Posted: Sep 4, 2013 10:56 PM by Melissa Anderson - MTN News
Updated: Sep 5, 2013 9:00 AM
TOWNSEND - A former Townsend woman who shot and killed her father and stepmother in 1995 is petitioning the court to be released from Warm Springs.
Even though she received two 40-year sentences to run consecutively, Dianna Lewis wants back into society.
On September 22nd, 1995, 28-year-old Dianna Lewis walked into Rob and Peggy Lewis's home on Elkhorn Road. She fired five rounds from a .380 caliber handgun into them while they were sleeping.
Lewis was later found in Sheridan, Wyoming.
The pre-medicated double murders were said to be caused by delusions.
"That her father was the president of the militia, was organizing a revolution in which there would be huge massacres of men, women and children including herself," Dr. Virginia Hill, forensic psychiatrist at Warm Springs State Mental Hospital, said.
For the past 17 years Dianna Lewis has been a patient in Warm Springs. But because she has responded so well to treatment through various psychotic medications, the forensic review board says she is ready to be released into a halfway house in Billings.
"Miss Lewis' response to medications and her recovery from these unbelievably deeply entrenched delusions has been nothing less than remarkable." Dr. Hill said.
The state's attorney, Karla Bosse, said the million dollar question is whether her medications will continue to hold those delusions down.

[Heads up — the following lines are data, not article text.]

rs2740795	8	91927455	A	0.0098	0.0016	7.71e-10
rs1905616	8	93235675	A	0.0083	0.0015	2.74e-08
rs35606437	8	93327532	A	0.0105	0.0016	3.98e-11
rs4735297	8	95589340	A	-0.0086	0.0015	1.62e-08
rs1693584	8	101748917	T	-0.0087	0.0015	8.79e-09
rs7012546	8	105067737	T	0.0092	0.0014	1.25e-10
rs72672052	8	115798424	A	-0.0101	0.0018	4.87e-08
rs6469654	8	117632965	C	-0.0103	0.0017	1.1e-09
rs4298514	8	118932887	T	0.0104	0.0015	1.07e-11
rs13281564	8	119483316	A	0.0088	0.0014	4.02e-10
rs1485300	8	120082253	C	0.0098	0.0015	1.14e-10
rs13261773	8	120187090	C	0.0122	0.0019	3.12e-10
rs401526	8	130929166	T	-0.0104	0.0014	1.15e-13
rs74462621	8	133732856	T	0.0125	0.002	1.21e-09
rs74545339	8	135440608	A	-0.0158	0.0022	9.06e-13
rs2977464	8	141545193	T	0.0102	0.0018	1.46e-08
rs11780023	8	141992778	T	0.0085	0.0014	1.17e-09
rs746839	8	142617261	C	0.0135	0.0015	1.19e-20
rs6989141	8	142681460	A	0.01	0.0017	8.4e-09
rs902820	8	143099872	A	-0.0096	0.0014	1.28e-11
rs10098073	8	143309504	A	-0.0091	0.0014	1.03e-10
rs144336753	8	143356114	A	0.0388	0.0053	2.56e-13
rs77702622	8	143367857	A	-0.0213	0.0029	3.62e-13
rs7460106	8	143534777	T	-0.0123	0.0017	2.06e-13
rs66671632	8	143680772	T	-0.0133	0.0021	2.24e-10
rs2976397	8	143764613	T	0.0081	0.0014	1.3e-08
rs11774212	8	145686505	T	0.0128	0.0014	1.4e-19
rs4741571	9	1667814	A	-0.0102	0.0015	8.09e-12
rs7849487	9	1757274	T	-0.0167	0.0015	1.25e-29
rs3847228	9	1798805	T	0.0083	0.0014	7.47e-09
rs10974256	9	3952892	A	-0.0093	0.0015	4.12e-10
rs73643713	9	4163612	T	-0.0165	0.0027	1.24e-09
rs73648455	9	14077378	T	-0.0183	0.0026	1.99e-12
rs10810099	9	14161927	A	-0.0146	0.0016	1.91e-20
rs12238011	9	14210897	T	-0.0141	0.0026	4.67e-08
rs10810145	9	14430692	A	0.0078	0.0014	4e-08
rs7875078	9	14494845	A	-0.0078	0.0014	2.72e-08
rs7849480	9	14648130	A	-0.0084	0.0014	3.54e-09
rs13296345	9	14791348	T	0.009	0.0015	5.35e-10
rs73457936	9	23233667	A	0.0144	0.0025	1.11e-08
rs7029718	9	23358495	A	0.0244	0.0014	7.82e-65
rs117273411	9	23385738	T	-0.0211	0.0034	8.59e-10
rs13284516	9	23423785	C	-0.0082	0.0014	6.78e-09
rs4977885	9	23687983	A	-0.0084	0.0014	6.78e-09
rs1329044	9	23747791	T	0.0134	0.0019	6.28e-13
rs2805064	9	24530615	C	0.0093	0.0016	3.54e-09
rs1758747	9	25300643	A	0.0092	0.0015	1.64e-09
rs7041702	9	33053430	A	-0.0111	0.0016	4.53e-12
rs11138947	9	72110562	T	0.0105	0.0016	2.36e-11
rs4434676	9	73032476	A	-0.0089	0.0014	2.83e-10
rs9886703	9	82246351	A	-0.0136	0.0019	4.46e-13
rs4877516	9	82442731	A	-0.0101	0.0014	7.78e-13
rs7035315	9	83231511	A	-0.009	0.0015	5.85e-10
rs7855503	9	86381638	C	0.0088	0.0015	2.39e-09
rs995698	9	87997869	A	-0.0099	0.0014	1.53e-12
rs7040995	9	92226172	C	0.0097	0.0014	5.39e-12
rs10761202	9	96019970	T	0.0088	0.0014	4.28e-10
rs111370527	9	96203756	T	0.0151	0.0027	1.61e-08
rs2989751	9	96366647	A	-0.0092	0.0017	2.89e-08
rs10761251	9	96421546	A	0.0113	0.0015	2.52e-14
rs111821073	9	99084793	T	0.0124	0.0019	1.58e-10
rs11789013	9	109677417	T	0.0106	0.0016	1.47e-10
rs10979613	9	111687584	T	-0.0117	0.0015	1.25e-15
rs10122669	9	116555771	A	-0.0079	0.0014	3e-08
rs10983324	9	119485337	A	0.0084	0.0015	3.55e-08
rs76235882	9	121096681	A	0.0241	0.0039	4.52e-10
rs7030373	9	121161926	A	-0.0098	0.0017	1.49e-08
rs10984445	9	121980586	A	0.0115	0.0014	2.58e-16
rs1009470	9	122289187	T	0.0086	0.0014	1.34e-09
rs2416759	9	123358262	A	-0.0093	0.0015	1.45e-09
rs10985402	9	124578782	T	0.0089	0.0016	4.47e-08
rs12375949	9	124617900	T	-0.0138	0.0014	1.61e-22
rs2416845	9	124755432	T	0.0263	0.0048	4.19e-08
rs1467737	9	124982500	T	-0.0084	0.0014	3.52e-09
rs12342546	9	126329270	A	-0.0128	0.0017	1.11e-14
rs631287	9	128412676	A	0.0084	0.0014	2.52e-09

"The shot must be administered. Without the shot being administered, there needs to be an immediate call to the probation officer." Dr. Hill said.
Family members of Peggy Lewis want justice to be served.
"She's either to stay in Warm Springs or go straight to the women's prison in Billings." Peggy's daughter, Barbara Thomas of Fort Benton, said.
"I just want some kind of justification," another of Peggy's daughters, Susan Graham of Missoula, said.
"She was OK to kill them. And she's very narcissistic, I think she needs to pay for what she has done," Kelly Dolan of Helena, Peggy's niece, said.
Even though the tragic event changed the lives of many in the community where Dianna Lewis worked at the local back, Lewis has been rated at a low risk.
It will now be up to the judge to decide whether medications will be enough to let Lewis back into society prior to her parole eligibility.
Dianna Lewis's parole eligibility isn't until 2015. Judge James Reynolds said his ruling will be in the coming weeks.